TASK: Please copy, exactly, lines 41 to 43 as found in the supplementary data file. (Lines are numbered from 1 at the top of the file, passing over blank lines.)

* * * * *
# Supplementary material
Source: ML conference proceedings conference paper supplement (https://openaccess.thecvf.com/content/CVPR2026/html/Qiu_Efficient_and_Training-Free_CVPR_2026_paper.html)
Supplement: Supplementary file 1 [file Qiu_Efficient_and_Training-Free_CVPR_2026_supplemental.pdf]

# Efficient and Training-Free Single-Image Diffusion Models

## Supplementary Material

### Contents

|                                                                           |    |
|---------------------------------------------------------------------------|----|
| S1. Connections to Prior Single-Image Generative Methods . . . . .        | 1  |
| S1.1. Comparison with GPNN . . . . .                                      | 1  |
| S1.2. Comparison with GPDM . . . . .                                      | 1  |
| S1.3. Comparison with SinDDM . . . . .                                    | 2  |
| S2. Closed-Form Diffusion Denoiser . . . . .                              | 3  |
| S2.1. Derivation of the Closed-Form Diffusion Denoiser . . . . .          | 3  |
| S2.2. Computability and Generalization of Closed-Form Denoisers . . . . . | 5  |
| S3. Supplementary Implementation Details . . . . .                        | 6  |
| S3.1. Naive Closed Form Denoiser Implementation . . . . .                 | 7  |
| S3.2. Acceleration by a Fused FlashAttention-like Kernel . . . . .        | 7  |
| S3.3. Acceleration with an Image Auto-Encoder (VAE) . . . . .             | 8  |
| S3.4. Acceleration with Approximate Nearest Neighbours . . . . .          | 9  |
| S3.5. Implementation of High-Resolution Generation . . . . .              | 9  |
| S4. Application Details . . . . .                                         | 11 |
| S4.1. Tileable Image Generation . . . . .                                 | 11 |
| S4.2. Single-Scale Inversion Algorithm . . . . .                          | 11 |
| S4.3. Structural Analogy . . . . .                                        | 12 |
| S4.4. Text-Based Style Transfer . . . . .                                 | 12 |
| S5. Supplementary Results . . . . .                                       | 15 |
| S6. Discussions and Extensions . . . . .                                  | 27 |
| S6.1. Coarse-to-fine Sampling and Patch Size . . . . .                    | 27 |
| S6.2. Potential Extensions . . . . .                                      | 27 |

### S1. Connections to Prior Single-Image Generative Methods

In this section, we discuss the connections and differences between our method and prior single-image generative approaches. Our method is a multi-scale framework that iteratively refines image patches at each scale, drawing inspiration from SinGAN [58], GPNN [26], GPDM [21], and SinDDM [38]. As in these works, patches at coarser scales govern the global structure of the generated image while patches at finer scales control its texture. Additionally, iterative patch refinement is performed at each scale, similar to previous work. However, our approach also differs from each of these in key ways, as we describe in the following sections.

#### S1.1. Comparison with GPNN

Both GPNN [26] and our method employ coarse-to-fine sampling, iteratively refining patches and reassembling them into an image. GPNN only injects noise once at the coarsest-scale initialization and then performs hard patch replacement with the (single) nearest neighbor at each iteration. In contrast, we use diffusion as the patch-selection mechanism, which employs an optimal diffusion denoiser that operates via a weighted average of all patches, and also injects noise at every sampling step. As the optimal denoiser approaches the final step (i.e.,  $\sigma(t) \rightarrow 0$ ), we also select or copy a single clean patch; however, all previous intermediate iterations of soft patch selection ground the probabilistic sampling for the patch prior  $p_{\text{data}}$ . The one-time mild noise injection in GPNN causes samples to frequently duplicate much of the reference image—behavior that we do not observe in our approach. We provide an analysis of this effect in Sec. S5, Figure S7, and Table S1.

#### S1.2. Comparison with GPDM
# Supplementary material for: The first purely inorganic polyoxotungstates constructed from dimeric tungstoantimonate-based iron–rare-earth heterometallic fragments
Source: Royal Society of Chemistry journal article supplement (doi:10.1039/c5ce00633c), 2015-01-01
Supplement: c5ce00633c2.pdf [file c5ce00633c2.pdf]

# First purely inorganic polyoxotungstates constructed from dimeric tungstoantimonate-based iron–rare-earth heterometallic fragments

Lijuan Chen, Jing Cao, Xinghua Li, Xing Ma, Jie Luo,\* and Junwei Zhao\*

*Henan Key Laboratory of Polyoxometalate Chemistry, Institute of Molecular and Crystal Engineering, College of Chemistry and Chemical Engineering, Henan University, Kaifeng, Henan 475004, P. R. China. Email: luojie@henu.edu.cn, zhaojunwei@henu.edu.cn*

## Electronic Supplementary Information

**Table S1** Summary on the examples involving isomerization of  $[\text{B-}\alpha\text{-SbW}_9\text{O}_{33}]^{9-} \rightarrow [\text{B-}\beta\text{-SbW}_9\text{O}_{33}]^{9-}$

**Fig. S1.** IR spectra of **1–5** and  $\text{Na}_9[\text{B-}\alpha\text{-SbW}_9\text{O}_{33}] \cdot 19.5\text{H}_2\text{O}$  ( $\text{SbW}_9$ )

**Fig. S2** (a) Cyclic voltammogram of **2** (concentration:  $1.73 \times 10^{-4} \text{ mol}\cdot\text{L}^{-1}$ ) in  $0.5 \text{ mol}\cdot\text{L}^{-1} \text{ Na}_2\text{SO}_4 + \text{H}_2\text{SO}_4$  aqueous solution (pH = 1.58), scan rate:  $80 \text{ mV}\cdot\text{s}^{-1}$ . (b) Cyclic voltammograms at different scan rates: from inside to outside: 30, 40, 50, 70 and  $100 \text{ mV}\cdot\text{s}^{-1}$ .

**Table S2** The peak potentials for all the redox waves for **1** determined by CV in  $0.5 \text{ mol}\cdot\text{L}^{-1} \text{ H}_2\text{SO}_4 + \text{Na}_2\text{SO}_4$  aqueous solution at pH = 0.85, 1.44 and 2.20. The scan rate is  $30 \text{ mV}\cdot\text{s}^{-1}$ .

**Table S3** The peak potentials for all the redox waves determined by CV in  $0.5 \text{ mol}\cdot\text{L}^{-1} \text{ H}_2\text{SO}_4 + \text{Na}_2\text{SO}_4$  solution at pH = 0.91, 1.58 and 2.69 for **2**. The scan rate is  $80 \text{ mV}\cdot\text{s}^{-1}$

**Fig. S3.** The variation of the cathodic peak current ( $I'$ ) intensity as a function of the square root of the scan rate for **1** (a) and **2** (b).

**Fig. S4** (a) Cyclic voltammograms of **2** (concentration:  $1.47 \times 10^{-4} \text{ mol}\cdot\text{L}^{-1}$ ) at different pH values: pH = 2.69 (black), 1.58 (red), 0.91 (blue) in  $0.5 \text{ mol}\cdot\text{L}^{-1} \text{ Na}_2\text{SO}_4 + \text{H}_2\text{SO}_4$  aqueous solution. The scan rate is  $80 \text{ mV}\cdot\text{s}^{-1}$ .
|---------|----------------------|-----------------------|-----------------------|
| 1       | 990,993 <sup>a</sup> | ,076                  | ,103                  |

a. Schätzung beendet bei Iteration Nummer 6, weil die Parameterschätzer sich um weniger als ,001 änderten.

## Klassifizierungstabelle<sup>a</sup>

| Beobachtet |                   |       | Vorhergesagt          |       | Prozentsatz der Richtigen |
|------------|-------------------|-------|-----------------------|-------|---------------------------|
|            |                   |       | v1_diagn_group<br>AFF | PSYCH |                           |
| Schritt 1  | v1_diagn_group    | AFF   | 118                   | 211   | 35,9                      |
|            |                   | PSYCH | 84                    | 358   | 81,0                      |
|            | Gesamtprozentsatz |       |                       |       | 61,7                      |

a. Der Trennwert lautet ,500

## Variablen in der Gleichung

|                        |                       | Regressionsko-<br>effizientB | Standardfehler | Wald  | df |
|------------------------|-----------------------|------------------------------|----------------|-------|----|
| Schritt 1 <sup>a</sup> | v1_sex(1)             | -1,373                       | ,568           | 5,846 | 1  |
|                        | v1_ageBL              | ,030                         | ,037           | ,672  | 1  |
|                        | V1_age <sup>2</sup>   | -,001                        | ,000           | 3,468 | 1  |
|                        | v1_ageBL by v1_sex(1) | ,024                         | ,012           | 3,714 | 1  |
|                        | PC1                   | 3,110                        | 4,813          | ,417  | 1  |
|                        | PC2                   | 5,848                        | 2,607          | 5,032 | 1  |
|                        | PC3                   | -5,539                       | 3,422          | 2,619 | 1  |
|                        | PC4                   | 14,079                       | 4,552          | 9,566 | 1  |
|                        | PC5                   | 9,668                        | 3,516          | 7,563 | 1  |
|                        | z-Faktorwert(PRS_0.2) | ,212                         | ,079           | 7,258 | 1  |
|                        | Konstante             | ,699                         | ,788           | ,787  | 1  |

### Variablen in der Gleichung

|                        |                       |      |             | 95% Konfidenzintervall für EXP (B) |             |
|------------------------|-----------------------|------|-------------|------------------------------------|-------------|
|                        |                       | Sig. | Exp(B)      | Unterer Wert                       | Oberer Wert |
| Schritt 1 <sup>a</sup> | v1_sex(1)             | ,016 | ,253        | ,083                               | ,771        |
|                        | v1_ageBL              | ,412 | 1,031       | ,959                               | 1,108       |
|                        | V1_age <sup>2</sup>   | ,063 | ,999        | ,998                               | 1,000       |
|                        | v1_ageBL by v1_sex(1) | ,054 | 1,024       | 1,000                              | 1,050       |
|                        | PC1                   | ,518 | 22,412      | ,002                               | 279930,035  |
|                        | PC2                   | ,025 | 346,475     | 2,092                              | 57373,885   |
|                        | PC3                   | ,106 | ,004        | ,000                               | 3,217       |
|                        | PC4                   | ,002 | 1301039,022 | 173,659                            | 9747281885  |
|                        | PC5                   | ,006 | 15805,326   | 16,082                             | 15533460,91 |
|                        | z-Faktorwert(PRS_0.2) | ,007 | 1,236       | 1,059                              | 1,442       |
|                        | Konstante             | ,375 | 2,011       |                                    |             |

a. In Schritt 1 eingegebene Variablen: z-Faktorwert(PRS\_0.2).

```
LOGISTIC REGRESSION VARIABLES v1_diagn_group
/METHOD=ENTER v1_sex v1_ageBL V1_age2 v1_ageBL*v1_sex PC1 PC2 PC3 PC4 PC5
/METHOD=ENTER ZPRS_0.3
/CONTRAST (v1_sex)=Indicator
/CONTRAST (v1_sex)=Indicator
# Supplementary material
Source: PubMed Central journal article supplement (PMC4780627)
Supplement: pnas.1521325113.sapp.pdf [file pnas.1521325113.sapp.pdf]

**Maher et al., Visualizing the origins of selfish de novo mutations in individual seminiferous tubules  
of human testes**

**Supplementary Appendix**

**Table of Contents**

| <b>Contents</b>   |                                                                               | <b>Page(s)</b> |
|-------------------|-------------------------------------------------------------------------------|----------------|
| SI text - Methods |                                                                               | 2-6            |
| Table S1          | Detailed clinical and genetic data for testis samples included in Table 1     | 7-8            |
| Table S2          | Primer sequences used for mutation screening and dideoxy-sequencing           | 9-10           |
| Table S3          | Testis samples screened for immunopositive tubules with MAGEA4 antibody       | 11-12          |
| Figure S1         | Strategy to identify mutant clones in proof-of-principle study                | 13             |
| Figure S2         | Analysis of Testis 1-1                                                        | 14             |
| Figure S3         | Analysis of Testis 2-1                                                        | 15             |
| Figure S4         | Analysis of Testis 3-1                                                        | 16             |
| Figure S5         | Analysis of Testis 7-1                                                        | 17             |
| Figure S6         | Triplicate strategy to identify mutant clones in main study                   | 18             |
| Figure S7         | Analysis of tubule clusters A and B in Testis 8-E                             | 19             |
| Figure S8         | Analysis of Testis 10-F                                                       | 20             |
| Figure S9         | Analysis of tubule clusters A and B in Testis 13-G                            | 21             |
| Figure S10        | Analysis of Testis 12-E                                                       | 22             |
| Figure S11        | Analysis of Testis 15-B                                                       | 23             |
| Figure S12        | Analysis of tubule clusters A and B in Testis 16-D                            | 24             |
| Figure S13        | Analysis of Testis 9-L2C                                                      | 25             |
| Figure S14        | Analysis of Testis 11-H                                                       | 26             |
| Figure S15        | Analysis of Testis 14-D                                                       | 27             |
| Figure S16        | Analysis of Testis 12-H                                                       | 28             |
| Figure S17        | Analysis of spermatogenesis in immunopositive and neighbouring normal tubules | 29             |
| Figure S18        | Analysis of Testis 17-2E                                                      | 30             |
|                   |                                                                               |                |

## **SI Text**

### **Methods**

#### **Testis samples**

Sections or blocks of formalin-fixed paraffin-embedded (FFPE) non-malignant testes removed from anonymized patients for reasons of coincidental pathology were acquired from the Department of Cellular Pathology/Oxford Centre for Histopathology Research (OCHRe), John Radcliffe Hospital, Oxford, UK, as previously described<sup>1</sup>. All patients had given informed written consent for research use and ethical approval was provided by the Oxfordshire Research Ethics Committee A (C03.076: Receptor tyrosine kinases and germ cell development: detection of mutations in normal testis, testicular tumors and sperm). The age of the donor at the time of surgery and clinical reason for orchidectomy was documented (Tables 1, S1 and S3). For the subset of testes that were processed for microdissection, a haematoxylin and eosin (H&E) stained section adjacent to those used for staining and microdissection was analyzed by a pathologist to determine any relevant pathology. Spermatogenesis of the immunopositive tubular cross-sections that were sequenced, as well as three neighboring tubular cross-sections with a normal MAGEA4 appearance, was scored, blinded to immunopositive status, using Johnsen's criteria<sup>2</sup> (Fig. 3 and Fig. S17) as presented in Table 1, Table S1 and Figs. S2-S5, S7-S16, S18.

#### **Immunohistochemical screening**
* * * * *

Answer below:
*Henan Key Laboratory of Polyoxometalate Chemistry, Institute of Molecular and Crystal Engineering, College of Chemistry and Chemical Engineering, Henan University, Kaifeng, Henan 475004, P. R. China. Email: luojie@henu.edu.cn, zhaojunwei@henu.edu.cn*

## Electronic Supplementary Information

**Table S1** Summary on the examples involving isomerization of  $[\text{B-}\alpha\text{-SbW}_9\text{O}_{33}]^{9-} \rightarrow [\text{B-}\beta\text{-SbW}_9\text{O}_{33}]^{9-}$